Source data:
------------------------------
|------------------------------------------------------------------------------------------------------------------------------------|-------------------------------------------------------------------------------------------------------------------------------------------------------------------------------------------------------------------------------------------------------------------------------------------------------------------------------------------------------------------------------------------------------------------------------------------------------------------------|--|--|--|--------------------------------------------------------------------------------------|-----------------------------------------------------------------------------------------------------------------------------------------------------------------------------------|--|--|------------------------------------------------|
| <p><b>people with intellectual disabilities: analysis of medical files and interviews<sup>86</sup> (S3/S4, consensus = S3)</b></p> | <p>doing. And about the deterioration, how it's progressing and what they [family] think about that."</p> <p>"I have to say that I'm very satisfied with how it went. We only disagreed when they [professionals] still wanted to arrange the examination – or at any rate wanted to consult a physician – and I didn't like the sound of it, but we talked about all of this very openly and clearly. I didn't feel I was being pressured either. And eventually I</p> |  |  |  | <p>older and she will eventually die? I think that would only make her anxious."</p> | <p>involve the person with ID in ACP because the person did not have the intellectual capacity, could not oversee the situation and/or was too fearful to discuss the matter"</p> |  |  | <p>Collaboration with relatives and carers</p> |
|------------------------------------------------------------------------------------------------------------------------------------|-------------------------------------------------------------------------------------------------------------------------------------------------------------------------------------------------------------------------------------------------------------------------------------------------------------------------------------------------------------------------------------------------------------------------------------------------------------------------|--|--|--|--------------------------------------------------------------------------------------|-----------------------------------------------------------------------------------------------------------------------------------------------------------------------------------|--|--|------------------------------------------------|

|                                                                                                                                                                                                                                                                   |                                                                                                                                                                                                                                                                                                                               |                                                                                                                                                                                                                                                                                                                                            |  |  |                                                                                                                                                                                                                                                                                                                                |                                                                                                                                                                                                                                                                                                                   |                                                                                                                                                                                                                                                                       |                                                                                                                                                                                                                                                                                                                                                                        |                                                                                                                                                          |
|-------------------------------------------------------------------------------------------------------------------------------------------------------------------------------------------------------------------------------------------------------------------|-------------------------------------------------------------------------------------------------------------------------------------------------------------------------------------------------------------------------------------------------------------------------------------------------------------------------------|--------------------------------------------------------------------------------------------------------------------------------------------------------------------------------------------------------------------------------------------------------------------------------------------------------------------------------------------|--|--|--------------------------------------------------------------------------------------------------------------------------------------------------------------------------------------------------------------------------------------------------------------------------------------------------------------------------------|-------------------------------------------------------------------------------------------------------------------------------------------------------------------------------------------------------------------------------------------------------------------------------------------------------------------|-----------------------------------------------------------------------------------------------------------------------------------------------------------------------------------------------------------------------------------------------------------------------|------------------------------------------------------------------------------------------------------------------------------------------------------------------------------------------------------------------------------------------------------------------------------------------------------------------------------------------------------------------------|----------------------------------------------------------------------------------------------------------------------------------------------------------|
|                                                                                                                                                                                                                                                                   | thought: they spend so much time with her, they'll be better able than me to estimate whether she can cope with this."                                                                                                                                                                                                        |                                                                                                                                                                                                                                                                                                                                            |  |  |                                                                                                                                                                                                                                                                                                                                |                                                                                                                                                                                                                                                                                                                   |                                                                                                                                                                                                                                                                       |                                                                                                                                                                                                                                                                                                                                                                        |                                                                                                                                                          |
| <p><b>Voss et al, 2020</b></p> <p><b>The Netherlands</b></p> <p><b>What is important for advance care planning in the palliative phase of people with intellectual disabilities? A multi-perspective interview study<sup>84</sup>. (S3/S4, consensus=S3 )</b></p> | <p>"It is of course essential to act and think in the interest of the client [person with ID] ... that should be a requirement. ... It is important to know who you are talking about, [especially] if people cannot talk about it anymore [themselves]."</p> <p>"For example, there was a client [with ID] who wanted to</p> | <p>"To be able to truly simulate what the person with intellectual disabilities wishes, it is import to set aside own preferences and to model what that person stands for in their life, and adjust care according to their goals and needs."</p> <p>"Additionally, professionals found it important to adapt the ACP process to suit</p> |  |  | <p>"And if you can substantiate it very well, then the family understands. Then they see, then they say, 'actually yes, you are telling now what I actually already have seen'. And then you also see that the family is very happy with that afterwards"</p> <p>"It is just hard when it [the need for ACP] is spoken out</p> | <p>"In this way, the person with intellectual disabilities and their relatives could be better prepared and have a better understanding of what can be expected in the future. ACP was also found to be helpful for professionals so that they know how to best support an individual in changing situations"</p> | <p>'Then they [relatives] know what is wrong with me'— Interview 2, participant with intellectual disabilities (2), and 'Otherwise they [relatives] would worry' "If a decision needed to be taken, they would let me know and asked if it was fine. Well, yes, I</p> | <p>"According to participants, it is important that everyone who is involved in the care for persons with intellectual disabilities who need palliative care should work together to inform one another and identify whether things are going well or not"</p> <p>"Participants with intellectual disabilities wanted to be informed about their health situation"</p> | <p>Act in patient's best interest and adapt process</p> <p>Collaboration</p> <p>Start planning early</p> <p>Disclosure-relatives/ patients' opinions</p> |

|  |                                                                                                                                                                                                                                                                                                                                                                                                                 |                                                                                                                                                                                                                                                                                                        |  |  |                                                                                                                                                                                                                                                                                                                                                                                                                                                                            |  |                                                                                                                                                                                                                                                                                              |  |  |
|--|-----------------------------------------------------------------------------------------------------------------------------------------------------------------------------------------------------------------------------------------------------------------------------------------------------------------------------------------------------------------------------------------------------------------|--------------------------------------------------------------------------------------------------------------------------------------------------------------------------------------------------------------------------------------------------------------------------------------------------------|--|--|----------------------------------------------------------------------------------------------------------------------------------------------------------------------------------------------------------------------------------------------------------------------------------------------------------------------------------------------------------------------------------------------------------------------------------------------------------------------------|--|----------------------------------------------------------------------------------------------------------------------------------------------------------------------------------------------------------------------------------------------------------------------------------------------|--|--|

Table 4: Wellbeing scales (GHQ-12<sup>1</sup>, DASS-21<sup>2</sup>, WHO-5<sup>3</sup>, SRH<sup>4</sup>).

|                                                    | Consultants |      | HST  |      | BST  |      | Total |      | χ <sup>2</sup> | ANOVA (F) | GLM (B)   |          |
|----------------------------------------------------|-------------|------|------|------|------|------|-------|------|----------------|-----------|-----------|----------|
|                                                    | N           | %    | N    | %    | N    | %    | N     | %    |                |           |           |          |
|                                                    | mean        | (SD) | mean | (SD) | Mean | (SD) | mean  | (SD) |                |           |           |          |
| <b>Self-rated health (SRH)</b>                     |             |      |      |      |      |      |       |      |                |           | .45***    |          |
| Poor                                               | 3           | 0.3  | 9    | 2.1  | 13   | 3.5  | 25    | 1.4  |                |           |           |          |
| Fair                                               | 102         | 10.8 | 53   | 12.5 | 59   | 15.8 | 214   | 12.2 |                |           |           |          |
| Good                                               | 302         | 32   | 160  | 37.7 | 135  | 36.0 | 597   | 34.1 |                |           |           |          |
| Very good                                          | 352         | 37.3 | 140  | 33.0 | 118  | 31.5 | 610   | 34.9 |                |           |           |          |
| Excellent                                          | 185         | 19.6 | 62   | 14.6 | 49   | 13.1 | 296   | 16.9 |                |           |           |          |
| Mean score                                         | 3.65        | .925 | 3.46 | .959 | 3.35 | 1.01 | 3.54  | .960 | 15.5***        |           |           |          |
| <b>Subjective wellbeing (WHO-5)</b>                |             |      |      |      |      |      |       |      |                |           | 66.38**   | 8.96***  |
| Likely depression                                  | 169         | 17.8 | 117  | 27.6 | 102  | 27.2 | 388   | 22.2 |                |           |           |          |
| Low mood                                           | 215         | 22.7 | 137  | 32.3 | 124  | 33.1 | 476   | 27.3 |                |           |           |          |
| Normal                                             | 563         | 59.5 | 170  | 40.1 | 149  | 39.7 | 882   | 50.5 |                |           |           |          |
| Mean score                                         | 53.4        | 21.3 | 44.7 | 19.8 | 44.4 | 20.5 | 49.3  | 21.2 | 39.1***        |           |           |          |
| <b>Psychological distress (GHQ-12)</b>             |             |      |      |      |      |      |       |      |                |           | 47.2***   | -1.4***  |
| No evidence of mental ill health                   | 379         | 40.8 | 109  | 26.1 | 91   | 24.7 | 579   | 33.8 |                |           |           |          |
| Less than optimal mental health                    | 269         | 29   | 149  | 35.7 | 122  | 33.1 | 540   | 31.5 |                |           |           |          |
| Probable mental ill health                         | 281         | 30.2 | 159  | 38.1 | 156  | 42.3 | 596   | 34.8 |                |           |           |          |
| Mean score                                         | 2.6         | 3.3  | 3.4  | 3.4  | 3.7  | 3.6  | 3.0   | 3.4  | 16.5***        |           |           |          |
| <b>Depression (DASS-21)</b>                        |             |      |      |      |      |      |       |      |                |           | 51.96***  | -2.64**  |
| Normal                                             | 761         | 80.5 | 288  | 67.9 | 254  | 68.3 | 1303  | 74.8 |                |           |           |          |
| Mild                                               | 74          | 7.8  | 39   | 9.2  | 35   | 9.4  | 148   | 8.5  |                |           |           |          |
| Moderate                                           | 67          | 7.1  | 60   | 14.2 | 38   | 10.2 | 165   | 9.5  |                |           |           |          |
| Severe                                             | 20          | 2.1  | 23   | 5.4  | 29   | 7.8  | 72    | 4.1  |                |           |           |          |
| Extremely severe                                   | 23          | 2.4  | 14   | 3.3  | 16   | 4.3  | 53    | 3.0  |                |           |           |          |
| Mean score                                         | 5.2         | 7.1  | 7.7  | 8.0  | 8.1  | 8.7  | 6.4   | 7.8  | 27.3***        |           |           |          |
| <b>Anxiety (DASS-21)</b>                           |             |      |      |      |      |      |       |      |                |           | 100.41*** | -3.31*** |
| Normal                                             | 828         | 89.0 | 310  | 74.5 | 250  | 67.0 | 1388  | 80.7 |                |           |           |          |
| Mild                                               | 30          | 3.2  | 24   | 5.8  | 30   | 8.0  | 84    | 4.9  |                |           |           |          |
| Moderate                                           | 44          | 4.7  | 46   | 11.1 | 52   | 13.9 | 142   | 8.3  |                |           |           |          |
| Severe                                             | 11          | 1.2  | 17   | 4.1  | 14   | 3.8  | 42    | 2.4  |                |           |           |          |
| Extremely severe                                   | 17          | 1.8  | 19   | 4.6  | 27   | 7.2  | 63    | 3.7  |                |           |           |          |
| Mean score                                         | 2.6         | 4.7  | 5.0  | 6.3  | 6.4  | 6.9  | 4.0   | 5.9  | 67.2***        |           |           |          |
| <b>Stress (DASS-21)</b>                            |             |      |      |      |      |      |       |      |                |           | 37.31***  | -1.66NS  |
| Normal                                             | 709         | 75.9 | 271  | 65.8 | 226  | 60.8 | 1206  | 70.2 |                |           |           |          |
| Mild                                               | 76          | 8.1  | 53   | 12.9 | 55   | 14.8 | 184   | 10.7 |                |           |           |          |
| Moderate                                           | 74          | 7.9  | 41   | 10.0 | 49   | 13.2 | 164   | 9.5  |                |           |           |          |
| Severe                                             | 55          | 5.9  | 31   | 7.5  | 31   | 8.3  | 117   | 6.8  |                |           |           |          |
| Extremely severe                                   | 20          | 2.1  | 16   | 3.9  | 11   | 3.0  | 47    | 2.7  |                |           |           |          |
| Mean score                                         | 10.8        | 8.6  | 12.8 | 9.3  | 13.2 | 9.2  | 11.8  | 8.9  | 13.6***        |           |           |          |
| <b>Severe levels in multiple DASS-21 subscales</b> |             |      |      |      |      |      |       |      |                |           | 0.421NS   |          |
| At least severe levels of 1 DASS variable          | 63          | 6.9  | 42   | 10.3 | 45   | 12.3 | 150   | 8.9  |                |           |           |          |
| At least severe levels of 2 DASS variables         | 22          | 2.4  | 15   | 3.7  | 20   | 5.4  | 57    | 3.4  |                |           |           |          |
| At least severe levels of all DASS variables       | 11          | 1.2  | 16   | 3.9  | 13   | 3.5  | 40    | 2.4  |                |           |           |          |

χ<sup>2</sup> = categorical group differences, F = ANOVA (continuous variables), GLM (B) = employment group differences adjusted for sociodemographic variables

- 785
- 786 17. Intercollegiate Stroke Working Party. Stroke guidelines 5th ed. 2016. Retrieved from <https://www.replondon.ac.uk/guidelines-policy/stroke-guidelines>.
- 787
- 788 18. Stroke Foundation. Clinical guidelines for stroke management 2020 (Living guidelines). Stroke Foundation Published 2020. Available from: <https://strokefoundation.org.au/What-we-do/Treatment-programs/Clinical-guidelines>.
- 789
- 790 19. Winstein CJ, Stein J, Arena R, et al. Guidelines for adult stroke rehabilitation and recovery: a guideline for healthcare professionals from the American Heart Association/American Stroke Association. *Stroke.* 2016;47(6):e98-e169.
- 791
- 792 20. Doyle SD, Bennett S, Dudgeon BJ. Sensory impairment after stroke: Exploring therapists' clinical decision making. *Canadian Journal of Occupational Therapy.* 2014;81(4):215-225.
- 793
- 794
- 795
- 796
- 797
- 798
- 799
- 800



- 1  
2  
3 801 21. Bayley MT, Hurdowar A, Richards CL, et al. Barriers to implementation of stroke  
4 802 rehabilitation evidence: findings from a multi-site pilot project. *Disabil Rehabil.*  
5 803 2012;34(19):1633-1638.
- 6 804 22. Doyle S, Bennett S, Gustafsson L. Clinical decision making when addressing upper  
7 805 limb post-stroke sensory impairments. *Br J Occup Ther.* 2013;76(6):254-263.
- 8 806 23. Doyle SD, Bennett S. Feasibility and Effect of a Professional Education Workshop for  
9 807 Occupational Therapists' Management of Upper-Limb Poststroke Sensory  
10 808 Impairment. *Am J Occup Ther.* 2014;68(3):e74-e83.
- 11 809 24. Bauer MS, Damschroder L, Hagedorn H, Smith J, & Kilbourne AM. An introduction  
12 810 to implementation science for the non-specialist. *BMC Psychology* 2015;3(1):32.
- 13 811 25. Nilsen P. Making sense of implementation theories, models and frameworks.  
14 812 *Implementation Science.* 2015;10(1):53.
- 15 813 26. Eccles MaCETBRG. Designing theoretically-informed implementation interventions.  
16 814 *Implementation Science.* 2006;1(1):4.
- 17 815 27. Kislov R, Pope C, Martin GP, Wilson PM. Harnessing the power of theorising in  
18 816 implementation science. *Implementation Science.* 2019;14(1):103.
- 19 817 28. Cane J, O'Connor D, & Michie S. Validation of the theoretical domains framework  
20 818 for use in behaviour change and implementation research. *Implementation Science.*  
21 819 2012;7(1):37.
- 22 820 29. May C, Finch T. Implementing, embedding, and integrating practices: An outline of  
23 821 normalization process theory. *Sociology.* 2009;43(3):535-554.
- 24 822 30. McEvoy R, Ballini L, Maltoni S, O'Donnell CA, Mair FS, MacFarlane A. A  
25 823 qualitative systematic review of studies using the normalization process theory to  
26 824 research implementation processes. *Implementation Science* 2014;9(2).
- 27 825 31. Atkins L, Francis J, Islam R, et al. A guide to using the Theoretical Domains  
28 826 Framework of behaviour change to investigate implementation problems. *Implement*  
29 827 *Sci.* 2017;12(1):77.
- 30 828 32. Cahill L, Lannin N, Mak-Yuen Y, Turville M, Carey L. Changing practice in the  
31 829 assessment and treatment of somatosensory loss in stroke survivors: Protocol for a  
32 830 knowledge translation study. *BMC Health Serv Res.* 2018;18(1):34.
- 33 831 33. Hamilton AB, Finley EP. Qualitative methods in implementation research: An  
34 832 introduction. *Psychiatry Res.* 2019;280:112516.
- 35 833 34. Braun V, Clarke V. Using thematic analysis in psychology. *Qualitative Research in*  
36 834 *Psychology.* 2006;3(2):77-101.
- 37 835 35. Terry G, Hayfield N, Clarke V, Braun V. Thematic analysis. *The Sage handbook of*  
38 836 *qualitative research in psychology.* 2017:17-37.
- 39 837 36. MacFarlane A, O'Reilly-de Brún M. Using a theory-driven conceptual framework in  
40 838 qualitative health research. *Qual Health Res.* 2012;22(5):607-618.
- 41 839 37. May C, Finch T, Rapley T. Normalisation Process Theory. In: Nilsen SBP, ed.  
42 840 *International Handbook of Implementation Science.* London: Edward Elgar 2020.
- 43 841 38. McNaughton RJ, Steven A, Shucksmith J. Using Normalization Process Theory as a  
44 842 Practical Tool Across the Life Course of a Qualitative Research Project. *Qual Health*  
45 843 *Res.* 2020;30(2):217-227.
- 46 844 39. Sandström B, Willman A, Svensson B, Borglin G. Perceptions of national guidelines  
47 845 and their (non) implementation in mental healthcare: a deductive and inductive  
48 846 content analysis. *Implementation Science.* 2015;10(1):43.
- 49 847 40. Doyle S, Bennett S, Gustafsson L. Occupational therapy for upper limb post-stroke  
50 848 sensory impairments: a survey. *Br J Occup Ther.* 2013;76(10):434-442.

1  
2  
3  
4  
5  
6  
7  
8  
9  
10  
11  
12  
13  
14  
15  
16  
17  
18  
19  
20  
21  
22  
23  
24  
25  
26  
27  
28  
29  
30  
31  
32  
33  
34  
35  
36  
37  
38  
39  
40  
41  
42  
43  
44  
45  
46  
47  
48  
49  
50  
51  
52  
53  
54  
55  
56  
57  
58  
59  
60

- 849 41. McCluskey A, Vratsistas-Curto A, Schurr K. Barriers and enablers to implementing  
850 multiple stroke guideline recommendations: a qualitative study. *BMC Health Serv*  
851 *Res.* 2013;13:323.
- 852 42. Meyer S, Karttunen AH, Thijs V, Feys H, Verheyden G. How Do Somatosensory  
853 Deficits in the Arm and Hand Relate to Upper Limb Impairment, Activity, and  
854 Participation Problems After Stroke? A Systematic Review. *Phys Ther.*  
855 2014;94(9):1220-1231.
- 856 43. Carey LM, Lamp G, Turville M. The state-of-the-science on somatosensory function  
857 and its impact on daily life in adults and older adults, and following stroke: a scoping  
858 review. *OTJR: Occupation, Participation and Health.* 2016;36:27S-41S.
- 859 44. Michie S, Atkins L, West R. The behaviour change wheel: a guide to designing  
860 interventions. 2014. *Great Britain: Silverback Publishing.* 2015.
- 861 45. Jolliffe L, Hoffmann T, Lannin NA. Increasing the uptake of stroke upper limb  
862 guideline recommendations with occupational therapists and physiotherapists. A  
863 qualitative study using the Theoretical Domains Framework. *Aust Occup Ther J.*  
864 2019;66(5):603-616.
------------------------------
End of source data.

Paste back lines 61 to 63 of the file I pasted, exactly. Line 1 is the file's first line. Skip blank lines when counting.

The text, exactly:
- 788 18. Stroke Foundation. Clinical guidelines for stroke management 2020 (Living guidelines). Stroke Foundation Published 2020. Available from: <https://strokefoundation.org.au/What-we-do/Treatment-programs/Clinical-guidelines>.
- 789
- 790 19. Winstein CJ, Stein J, Arena R, et al. Guidelines for adult stroke rehabilitation and recovery: a guideline for healthcare professionals from the American Heart Association/American Stroke Association. *Stroke.* 2016;47(6):e98-e169.